2. Gibson D, Flynn N, Perales D. Effectiveness of syringe exchange programs in reducing HIV risk behaviour and HIV seroconversion among injecting drug users. AIDS. 2001;15:1329–1341.
  3. Wodak A, Cooney A. Effectiveness of sterile needle and syringe programming in reducing HIV/AIDS among injecting drug users. Evidence for Action Technical Papers. 2004. Geneva: World Health Organization.
  4. Aspinall EJ, Nambiar D, Goldberg DJ, et al. Are needle and syringe programmes associated with a reduction in HIV transmission among people who inject drugs: A systematic review and meta-analysis. International Journal of Epidemiology. 2014;43(1):235–248.
  5. Tilson H, Aramrattana A, Bozzette SA, et al. Preventing HIV infection among injecting drug users in high-riskcountries: An assessment of the evidence. 2007. Washington: Institute of Medicine.
  6. Coffin PO, Rowe C, Santos GM. Novel interventions to prevent HIV and HCV among persons who inject drugs. Current HIV/AIDS Reports. 2015 Mar;12(1):145–163.
  7. MacArthur GJ, Minozzi S, Martin N, et al. Opiate substitution treatment and HIV transmission in people who inject drugs: systematic review and meta-analysis. BMJ. 2012 Oct 4;345:e5945.
  8. Platt L, Minozzi S, Reed J, et al. Needle syringe programmes and opioid substitution therapy for preventing hepatitis C transmission in people who inject drugs. Cochrane Database of Systematict Reviews. 2017;9:CD012021.
  9. Strang J, Groshkova T, Uchtenhagen A, et al. Heroin on trial: systematic review and meta-analysis of randomised trials of diamorphine-prescribing as treatment for refractory heroin addiction. British Journal of Psychiatry. 2015;207(1):5–14.
  10. Oviedo-Joekes E, Guh D, Brissette S, et al. Hydromorphone compared with diacetylmorphine for long-term opioid dependence: a randomized clinical trial. JAMA Psychiatry. 2016 May 1;73(5):447–455.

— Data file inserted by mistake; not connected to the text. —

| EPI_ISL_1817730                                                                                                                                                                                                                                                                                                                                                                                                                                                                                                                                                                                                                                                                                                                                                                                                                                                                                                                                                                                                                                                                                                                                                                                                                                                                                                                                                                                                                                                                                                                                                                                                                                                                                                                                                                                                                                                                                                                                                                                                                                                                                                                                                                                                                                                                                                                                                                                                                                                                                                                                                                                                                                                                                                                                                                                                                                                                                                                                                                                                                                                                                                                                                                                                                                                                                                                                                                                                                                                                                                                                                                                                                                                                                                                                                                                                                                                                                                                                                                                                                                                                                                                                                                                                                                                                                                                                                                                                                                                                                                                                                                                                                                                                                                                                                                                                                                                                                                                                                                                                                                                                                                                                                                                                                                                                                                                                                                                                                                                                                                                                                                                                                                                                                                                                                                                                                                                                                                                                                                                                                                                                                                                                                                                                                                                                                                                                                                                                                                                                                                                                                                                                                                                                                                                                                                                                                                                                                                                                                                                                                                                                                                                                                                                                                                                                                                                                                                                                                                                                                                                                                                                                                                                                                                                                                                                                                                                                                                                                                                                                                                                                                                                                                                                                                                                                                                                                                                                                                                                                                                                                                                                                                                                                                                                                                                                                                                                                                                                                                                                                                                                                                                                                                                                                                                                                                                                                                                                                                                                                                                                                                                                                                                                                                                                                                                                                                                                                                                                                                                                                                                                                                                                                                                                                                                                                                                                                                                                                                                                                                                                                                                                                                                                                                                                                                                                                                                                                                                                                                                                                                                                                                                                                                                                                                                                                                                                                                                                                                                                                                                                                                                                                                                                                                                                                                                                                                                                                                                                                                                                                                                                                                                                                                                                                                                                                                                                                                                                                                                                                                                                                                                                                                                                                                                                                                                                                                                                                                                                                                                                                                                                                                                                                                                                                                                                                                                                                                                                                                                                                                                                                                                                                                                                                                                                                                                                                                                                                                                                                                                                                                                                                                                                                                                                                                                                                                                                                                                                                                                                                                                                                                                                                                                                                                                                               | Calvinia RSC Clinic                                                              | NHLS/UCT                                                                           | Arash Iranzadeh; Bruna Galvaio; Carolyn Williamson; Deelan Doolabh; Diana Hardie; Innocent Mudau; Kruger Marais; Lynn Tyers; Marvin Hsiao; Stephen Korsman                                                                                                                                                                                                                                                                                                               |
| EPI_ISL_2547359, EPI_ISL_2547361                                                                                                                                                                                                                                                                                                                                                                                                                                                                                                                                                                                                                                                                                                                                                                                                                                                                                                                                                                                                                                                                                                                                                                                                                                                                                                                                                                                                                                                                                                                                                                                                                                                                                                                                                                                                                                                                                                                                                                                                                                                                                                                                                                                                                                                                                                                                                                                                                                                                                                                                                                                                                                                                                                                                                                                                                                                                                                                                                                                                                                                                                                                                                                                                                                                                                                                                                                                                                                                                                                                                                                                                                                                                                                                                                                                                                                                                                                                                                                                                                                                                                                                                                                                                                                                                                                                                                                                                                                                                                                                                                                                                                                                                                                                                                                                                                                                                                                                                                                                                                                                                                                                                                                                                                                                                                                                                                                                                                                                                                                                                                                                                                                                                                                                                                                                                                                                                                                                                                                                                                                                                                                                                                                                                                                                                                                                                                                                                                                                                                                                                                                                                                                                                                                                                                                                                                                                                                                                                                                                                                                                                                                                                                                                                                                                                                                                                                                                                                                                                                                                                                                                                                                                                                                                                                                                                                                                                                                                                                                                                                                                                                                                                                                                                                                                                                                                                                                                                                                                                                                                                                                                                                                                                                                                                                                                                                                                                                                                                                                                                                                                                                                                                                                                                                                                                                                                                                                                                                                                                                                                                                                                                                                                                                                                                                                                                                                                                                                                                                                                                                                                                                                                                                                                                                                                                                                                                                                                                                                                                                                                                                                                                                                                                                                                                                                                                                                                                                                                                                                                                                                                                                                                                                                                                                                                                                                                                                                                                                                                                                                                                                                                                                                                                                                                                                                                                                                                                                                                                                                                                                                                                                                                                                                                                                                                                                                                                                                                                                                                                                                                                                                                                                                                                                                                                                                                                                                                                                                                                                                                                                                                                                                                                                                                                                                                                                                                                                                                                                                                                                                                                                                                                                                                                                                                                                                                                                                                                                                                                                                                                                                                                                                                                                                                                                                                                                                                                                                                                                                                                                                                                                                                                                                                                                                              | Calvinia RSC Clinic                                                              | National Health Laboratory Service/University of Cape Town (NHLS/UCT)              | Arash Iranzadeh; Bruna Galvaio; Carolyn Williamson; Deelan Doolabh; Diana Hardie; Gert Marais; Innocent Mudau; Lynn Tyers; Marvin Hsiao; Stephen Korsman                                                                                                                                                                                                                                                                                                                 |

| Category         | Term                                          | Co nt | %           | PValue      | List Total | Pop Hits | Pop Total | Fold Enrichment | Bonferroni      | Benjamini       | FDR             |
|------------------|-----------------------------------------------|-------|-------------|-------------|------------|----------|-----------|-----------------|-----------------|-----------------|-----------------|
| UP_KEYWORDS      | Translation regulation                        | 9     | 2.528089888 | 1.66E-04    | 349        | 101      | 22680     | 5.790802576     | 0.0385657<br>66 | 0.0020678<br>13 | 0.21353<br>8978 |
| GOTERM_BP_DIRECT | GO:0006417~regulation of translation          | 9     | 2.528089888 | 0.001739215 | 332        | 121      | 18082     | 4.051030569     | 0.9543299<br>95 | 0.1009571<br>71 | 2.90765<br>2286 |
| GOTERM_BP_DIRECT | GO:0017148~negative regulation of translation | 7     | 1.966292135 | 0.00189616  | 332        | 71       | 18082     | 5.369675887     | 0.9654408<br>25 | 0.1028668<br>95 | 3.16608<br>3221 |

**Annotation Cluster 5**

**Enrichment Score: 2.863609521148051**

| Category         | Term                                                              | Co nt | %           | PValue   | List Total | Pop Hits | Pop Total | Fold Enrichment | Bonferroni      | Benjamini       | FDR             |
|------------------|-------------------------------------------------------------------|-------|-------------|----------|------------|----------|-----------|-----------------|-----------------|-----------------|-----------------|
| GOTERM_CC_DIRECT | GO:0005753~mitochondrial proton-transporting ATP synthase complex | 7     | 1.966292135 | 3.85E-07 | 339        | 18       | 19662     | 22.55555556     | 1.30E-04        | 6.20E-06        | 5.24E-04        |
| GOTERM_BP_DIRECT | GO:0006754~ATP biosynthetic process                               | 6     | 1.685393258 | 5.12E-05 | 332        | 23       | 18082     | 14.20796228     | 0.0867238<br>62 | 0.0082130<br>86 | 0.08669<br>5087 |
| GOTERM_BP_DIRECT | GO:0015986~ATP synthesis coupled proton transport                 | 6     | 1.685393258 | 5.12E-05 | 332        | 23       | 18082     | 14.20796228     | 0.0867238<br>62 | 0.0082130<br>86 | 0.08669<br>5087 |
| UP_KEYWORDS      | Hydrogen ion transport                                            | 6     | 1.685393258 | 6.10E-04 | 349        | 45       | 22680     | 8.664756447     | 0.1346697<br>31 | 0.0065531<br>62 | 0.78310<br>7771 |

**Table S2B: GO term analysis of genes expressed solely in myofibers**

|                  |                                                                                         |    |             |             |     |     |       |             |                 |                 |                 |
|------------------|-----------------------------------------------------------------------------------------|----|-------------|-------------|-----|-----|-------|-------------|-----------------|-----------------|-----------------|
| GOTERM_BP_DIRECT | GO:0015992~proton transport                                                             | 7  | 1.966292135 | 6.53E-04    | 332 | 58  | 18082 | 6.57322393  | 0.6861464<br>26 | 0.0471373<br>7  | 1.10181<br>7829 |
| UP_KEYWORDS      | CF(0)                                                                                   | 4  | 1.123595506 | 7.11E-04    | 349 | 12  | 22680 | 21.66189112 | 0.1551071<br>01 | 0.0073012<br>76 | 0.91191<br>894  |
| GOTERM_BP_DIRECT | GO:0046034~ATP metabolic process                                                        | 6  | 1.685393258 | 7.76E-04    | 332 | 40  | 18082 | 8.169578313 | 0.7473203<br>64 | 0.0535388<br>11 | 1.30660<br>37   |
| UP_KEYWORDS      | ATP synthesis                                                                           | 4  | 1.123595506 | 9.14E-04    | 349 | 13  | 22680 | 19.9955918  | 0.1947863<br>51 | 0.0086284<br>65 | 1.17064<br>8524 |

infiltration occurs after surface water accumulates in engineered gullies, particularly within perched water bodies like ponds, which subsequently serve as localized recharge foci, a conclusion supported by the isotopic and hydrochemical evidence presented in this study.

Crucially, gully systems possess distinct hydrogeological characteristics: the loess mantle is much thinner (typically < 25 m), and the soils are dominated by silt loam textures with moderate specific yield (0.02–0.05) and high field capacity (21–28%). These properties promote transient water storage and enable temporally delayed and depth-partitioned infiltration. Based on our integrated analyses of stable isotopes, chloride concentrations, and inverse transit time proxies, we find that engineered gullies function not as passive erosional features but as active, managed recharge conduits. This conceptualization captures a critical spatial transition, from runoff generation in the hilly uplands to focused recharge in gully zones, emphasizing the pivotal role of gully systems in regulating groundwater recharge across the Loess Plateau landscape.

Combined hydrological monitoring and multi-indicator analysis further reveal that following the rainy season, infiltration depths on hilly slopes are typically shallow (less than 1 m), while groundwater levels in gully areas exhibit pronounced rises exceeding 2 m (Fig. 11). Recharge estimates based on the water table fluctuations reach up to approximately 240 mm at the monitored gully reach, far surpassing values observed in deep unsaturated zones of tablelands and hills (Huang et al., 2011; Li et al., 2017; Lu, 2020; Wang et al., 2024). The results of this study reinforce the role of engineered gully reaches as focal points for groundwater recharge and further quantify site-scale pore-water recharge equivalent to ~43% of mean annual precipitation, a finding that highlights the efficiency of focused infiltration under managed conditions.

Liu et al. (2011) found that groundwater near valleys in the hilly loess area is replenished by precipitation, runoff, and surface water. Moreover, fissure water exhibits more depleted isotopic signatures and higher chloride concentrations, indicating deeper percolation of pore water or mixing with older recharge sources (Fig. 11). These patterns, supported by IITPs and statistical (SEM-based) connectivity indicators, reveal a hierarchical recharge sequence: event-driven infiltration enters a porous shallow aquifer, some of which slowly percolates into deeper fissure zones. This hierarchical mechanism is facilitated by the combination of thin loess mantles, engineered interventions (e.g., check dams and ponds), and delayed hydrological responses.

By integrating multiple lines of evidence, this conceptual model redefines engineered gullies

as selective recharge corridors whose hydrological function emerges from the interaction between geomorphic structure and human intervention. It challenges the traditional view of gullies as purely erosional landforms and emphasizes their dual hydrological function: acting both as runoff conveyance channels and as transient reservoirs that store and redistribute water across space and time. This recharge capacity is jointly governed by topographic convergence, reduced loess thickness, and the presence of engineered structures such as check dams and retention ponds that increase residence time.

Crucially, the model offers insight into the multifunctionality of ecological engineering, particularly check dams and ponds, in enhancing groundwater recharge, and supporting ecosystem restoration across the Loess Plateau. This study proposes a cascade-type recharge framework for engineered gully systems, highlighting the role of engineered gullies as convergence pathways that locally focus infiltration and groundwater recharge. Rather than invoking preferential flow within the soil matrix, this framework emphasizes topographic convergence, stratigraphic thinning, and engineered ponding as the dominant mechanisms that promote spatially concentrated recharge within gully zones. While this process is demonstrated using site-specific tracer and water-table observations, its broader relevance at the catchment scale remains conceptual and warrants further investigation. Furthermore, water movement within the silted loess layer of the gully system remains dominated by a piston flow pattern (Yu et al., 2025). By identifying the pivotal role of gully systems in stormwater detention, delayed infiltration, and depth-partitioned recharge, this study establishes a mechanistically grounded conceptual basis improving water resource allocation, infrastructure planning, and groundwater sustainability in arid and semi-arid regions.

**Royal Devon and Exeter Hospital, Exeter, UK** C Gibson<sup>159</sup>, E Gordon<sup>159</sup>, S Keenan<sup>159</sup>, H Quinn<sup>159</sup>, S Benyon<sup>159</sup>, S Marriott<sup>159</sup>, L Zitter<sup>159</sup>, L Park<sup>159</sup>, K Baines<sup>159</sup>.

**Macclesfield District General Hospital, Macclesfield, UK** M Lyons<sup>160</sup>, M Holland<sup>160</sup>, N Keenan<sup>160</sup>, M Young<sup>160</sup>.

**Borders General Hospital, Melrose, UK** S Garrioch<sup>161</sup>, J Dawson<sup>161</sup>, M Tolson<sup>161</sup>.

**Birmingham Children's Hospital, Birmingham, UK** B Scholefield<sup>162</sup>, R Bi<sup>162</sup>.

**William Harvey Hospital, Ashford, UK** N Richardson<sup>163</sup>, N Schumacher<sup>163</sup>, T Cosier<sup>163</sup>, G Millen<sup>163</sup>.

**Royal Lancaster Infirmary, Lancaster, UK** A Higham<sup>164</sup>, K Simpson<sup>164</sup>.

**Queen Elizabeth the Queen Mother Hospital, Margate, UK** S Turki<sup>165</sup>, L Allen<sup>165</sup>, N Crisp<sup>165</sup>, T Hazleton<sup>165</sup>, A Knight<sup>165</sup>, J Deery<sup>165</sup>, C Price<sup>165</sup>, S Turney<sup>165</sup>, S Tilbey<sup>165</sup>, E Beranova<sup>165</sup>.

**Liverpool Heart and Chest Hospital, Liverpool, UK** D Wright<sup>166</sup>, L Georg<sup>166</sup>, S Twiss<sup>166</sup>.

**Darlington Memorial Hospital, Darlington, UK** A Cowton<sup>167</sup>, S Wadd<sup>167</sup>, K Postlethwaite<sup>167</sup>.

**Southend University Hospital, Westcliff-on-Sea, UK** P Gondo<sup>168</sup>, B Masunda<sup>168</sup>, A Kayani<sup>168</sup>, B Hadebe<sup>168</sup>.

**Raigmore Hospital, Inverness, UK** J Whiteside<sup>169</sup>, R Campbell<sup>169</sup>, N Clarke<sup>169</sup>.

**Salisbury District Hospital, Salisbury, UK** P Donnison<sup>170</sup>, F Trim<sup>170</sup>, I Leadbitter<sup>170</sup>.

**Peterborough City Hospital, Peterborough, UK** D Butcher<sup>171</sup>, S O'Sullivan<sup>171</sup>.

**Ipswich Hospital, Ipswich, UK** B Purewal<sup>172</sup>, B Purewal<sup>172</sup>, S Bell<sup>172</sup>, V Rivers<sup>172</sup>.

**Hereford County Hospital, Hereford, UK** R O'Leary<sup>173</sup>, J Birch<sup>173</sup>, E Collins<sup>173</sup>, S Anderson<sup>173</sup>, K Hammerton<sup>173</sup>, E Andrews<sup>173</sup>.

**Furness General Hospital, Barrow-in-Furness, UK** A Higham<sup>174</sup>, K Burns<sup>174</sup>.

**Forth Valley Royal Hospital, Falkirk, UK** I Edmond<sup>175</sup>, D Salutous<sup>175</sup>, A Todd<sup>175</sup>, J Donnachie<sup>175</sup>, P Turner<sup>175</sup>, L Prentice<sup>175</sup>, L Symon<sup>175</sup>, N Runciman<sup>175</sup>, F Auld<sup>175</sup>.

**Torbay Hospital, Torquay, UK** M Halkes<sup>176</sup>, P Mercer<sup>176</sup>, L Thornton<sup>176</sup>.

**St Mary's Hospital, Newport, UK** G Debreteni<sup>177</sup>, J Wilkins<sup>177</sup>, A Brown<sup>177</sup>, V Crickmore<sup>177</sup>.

11. Perneger TV, Giner F, del Rio M, Mino A. Randomised trial of heroin maintenance programme for addicts who fail in conventional drug treatments. BMJ. 1998 Jul 4;317(7150):13–8.
  12. March JC, Oviedo-Joekes E, Perea-Milla E, et al. Controlled trial of prescribed heroin in the treatment of opioid addiction. Journal of Substance Abuse Treatment. 2006 Sep 1;31(2):203–211.
  13. Kennedy MC, Karamouzian M, Kerr T. Public health and public order outcomes associated with supervised drug consumption facilities: a systematic review. Current HIV/AIDS Reports. 2017 Oct;14(5):161–183.
  14. Potier C, Laprévote V, Dubois-Arber F, et al. Supervised injection services: What has been demonstrated? A systematic literature review. Drug and Alcohol Dependence. 2014;145:48–-68.
  15. Tyndall MW. Impact of supervised injection facilities on community HIV levels: a public health perspective. Expert Review of Anti-infective Therapy. 2003 Dec;1(4):543–549.
  16. Milloy MJ, Wood E. Emerging role of supervised injecting facilities in human immunodeficiency virus prevention. Addiction. 2009;104:620–621.
  17. Kerr T, Tyndall M, Li K, et al. Safer injection facility use and syringe sharing in injection drug users. Lancet. 2005;366:316–318.
  18. Wood E, Tyndall MW, Stoltz J, et al. Factors associated with syringe sharing among users of a medically supervised safer injecting facility. American Journal of Infectious Diseases. 2005;1(1):50–54.
  19. Bravo MJ, Royuela L, De la Fuente L, et al. Use of supervised injection facilities and injection risk behaviours among young drug injectors. Addiction. 2009 Apr;104(4):614–619.
  20. Kerr T, Kimber J, Debeck K, et al. The role of safer injection facilities in the response to HIV/AIDS among injection drug users. Current HIV/AIDS Reports. 2007;4:158–164.
  21. Hedrich, D. European report on drug consumption rooms. 2004. Lisbon: European Monitoring Centre for Drug and Drug Addiction.
  22. MacArthur GJ, van Velzen E, Palmateer N, et al. Interventions to prevent HIV and Hepatitis C in people who inject drugs: a review of reviews to assess evidence of effectiveness. International Journal of Drug Policy. 2014 Jan;25(1):34–52.
  23. Guise A, Albers ER, Strathdee SA. ‘PrEP is not ready for our community, and our community is not ready for PrEP’: pre-exposure prophylaxis for HIV for people who inject drugs and limits to the HIV prevention response. Addiction. 2017 April ;112(4): 572–578. Available from: https://www.ncbi.nlm.nih.gov/pmc/articles/PMC5145792/
  24. Larney S, Peacock A, Leung J, et al. Global, regional, and country-level coverage of interventions to prevent and manage HIV and hepatitis C among people who inject drugs: a systematic review. Lancet Global Health. 2017;5(12):e1208–e1220.

Do you work in HIV or hep C?
Complete a short survey to evaluate CATIE and enter a draw to win a $250 gift card.